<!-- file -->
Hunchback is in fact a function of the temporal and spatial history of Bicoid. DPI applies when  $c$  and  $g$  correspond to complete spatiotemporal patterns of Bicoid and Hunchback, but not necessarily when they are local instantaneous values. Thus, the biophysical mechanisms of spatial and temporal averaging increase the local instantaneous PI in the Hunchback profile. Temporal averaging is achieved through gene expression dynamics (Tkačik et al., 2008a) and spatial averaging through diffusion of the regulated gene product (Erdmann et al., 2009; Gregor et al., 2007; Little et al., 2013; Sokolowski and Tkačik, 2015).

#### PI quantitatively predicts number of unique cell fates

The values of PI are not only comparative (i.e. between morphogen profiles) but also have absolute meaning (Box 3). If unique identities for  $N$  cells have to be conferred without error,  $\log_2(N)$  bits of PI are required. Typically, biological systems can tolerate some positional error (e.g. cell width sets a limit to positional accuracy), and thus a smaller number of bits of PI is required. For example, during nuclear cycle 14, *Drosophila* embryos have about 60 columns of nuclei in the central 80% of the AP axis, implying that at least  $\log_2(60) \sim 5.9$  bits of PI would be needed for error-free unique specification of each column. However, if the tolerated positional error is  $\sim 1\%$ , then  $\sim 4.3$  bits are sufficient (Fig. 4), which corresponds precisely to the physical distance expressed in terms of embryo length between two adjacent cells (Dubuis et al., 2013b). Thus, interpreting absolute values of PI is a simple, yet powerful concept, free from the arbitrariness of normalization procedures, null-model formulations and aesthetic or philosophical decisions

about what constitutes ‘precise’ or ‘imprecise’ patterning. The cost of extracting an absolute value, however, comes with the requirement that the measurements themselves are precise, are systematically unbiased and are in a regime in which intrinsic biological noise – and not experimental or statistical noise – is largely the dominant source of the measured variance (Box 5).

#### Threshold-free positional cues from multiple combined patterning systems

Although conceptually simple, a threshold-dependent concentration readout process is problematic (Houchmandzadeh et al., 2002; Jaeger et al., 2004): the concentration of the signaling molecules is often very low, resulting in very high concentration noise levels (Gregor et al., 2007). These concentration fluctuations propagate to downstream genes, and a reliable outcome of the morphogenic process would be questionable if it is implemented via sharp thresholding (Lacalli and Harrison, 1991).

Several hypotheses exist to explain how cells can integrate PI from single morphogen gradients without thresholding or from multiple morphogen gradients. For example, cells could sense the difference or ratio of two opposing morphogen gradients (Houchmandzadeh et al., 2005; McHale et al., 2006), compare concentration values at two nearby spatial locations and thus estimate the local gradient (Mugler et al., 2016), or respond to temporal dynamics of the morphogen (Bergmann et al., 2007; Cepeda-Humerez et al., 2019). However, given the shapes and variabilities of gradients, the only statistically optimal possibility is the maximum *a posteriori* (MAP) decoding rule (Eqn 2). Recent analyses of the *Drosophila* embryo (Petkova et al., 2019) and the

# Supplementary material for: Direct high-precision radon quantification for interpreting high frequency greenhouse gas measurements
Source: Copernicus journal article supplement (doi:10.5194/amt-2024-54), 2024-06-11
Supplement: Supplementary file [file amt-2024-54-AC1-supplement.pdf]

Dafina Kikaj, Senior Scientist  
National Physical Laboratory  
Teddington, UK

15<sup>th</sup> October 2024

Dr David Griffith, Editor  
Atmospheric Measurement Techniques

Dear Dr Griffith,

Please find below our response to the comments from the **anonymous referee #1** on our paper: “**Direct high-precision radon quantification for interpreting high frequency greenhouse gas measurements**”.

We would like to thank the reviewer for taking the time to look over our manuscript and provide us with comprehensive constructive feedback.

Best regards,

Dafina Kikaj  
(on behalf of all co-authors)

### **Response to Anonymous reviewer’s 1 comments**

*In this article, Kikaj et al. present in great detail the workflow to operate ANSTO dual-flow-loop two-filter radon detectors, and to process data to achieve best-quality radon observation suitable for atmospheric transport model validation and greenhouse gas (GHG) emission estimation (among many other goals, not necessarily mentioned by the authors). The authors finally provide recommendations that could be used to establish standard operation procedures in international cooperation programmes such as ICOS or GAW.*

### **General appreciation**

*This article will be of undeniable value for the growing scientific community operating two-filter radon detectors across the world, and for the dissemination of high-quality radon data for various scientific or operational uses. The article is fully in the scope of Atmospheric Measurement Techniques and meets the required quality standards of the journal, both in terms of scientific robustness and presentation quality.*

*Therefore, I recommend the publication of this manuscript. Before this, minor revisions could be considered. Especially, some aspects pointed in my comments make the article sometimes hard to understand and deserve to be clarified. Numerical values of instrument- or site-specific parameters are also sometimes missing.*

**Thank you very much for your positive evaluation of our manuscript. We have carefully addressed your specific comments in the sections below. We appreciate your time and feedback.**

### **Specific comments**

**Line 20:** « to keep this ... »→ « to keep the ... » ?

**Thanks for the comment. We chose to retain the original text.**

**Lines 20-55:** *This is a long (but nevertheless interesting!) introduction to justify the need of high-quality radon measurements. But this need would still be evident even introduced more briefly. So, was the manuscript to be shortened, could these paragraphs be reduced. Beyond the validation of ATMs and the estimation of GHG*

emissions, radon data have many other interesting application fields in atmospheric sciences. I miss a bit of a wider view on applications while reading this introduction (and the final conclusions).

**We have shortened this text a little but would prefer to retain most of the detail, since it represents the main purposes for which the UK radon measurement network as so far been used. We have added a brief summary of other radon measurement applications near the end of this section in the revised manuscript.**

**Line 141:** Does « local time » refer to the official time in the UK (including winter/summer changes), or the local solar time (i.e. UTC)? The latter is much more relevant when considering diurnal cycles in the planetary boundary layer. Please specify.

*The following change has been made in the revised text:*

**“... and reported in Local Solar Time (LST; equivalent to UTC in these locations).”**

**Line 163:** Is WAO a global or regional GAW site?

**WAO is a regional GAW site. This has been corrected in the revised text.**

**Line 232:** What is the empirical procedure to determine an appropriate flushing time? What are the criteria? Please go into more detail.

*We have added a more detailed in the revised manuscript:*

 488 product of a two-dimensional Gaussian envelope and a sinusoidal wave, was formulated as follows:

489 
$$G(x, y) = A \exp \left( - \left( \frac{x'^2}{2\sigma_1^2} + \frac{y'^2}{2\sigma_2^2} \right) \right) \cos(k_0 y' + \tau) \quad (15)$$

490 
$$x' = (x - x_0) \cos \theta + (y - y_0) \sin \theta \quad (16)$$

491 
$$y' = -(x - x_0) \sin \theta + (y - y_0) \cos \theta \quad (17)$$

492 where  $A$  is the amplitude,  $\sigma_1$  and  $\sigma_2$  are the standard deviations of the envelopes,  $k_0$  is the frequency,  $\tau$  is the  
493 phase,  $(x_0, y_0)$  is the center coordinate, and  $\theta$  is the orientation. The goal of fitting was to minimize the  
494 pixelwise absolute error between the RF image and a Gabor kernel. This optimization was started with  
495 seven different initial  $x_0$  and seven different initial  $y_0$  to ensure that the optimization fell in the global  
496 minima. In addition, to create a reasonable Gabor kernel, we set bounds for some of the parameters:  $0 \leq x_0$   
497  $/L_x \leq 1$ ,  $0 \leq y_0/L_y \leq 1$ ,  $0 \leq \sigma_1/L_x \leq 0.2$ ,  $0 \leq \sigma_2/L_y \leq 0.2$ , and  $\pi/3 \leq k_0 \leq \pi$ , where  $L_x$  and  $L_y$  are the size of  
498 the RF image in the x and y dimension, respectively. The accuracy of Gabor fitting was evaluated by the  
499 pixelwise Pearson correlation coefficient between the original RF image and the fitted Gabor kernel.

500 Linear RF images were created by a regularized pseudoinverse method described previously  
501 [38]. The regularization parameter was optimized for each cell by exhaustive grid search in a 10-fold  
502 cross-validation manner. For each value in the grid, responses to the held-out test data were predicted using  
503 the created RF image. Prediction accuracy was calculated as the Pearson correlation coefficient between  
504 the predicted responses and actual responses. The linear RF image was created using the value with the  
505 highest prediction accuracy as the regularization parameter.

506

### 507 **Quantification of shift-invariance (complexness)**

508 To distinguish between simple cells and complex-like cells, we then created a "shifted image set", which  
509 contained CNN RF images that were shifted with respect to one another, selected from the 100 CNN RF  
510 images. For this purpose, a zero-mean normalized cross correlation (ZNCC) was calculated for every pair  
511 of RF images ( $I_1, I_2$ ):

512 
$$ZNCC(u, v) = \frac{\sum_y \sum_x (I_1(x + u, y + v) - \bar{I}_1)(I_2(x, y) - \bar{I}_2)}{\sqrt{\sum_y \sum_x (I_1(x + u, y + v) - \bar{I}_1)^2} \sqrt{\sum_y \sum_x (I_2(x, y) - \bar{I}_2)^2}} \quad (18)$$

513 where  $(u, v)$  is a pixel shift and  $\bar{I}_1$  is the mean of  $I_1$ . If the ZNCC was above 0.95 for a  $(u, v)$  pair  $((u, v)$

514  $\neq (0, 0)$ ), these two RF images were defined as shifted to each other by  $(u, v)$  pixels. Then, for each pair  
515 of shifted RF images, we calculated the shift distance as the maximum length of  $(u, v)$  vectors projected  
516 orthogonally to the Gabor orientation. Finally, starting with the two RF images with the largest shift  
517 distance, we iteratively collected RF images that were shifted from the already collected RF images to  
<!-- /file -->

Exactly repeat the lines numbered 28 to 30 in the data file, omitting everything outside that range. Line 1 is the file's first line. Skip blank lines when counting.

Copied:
**Thank you very much for your positive evaluation of our manuscript. We have carefully addressed your specific comments in the sections below. We appreciate your time and feedback.**

### **Specific comments**

**Line 20:** « to keep this ... »→ « to keep the ... » ?